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Monday, June 29, 2009


American Goldfinch and White-breasted Nuthatch sharing the feeder, taken when it was a little sunny, not rainy. Hmmm, when was that, seems like years ago we saw the sun. We have had mostly rain here for many, many weeks and we (and everyone else around here) are getting sick of it.

Friday, June 26, 2009


Live mealworms. We strain them from the bran they came in.

We feed our bluebirds live mealworms, which they find irresistable. Mealworms (technically the larvae of a beetle) are available in quantity from internet websites and from pet stores which usually sell smaller quantities. If your order needs to be shipped, be aware that most sources only ship early in the week, they do not want to ship so the live mealworms would sit in a hot warehouse over the weekend, they might expire in the heat.
If you order a quantity, it would usually come with the mealworms in a mesh bag with newspaper inside the bag. You can take the mealworms out of the bag and put them in a plastic container (with airholes) with something to eat, like a few pieces of apple, or some cornmeal. You can store them in the refrigerator, they become rather dormant when cold.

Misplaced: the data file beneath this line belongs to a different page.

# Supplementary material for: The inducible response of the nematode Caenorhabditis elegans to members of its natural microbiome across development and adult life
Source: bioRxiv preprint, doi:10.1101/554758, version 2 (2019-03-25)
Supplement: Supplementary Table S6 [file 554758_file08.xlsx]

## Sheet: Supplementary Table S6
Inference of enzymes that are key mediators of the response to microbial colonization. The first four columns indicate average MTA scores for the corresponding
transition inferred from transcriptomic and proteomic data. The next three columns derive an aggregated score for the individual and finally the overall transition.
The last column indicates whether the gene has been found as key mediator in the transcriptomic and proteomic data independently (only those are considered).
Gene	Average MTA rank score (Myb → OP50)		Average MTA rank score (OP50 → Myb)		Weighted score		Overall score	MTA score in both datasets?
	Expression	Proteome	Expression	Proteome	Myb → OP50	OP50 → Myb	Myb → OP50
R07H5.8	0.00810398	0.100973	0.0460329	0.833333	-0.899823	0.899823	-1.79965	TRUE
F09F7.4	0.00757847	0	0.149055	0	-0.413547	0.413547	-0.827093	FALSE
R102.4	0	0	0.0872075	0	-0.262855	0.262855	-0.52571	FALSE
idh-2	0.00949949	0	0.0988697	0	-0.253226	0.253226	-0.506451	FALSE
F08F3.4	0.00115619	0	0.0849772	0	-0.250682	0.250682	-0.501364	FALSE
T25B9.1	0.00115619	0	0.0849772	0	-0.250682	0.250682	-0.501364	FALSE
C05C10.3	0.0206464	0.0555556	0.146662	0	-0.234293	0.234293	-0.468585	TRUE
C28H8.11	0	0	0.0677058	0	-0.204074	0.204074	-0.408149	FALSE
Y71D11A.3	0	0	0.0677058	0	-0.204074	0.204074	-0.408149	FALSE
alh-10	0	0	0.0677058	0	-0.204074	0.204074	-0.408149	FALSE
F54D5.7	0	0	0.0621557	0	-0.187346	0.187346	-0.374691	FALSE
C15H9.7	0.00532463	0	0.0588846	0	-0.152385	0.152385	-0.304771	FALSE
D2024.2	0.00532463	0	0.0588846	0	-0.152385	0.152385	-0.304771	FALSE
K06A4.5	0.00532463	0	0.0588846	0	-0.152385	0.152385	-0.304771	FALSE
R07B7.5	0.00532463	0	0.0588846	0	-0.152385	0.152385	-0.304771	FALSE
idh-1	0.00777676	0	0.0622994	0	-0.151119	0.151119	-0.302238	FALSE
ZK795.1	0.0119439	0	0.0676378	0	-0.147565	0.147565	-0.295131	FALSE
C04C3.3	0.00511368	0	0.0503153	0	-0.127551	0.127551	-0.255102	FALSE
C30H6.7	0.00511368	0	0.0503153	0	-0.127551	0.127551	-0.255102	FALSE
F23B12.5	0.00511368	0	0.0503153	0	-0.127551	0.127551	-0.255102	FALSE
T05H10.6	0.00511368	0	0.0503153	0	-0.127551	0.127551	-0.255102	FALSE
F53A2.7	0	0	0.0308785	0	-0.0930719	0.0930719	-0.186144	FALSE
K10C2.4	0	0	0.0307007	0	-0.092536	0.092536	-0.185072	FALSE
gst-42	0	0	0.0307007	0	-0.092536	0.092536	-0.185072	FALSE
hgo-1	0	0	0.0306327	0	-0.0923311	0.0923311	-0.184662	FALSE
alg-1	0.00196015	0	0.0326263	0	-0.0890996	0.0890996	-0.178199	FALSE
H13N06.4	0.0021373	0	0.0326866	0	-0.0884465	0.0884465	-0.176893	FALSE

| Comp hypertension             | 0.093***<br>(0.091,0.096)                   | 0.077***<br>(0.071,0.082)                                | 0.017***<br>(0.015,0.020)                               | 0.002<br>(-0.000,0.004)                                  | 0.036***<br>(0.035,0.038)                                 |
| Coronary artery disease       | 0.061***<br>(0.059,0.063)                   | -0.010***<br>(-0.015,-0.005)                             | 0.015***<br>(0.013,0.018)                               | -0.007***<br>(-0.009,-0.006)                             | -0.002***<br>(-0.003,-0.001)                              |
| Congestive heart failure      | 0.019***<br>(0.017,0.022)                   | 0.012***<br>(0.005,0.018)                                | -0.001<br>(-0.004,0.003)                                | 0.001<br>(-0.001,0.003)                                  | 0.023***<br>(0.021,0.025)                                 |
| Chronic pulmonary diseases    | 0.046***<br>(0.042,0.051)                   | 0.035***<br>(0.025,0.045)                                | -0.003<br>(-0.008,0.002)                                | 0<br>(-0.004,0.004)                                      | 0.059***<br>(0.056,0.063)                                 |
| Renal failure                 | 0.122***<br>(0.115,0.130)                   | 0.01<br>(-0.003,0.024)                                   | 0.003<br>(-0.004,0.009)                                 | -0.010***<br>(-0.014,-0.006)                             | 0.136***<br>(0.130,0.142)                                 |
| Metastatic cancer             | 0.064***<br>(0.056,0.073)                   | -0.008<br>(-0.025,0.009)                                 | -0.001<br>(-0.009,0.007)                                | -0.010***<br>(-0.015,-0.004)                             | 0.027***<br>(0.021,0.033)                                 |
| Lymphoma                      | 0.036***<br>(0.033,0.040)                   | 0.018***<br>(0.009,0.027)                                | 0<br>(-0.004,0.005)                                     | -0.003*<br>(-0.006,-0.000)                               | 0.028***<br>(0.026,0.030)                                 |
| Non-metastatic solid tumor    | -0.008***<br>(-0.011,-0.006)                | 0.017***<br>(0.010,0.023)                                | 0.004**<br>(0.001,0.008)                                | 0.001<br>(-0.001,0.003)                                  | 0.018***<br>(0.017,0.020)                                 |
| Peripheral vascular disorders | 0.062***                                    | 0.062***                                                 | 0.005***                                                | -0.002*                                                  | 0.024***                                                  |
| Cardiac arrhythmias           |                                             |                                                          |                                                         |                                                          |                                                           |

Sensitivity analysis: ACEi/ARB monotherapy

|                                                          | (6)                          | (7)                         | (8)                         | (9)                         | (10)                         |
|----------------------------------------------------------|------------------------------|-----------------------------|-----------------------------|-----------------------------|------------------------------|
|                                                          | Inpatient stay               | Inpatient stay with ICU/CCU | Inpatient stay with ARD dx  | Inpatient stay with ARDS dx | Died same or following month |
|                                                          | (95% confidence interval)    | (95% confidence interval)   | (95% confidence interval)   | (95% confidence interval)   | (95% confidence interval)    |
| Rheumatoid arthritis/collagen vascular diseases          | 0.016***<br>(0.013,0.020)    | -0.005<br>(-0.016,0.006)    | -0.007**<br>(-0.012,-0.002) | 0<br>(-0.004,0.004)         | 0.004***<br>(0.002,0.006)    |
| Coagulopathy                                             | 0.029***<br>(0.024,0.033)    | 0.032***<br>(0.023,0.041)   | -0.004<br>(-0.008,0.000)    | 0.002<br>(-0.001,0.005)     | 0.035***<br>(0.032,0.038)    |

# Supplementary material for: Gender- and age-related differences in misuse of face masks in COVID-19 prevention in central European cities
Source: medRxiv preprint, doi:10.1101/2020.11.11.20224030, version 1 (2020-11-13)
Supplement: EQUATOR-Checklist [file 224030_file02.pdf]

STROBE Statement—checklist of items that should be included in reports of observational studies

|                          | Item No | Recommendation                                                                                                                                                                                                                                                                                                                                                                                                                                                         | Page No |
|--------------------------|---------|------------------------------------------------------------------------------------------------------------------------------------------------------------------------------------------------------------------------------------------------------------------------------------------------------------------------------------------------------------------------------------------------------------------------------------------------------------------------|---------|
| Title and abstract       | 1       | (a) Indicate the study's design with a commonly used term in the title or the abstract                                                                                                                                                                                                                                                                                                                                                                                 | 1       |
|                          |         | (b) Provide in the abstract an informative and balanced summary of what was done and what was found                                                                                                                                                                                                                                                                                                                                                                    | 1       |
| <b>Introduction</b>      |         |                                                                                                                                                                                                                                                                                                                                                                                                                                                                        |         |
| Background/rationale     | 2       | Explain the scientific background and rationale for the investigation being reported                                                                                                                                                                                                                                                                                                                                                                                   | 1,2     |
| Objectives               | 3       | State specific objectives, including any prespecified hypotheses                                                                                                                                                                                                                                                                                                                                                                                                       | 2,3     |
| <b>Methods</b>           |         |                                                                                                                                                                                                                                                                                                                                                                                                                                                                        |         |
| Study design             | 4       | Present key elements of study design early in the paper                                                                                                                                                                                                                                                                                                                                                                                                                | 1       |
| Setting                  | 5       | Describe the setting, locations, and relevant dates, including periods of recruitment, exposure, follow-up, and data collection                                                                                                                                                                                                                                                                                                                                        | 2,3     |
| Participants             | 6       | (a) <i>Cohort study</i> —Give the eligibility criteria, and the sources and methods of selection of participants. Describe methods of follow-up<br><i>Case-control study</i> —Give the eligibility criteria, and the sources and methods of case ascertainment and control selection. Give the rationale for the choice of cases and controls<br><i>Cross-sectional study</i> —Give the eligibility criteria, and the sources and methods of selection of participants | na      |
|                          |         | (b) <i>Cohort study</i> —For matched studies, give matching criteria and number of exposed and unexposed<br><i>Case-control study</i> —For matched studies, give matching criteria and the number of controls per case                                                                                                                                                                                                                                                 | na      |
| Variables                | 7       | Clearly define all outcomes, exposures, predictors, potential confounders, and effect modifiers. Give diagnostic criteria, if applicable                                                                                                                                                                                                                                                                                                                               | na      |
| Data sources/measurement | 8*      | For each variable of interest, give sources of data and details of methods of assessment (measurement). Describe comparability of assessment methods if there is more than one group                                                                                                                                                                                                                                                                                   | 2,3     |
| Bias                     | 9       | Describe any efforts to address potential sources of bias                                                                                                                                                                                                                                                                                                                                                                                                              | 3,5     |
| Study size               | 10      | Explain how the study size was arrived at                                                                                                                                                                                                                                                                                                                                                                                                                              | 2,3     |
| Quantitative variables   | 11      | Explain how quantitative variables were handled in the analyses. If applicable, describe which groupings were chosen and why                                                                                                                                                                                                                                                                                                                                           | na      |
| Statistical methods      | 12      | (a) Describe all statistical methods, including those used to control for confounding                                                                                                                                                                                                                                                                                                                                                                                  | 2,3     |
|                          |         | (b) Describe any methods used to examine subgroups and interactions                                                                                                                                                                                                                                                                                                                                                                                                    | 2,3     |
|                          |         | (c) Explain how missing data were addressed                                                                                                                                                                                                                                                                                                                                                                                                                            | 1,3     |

We ordered some from the internet, and also bought some from a pet store. The ones from the pet store came in a container with bran. So we put them in a strainer and shook it to remove most of the bran.
Bluebirds would eat practically as many mealworms as we put out. We try and offer them just several times a day, usually at the same time. During the very wet, cool spell we had, we offered more mealworms. That's because bluebirds found it hard to hunt insects, since the cold depressed insect activity. In the morning the bluebirds are lined up by the feeder, waiting for us.
We mainly offer mealworms during bluebird nesting, when they can use it most. They feed the mealworms to the nestlings. Our experience is, once the young fledge from the nest, the parents move far them away into the woods, presumably to a safer area than the open space here. They do not continue to come for the mealworms. Other people may have different experiences, do you?

Monday, June 22, 2009

Mr. Blue

We are enamoured with bluebirds. Then again, who isn't. We just feel so lucky this year that they are nesting close to our house. They come in frequently for the mealworms we put out. They seem eager for this supplemental food for themselves and their nestlings, especially since the weather has been cool and rainy, the type of weather that depresses the insect activity that they hunt.
I just love the way he looks in different light, sometimes sky blue, somtetimes deep blue. This photo was taken on a dim, misty day and the blue seems deep and rich.
This is a busy week for us, so we will blog when we can. Have a good week.

Thursday, June 18, 2009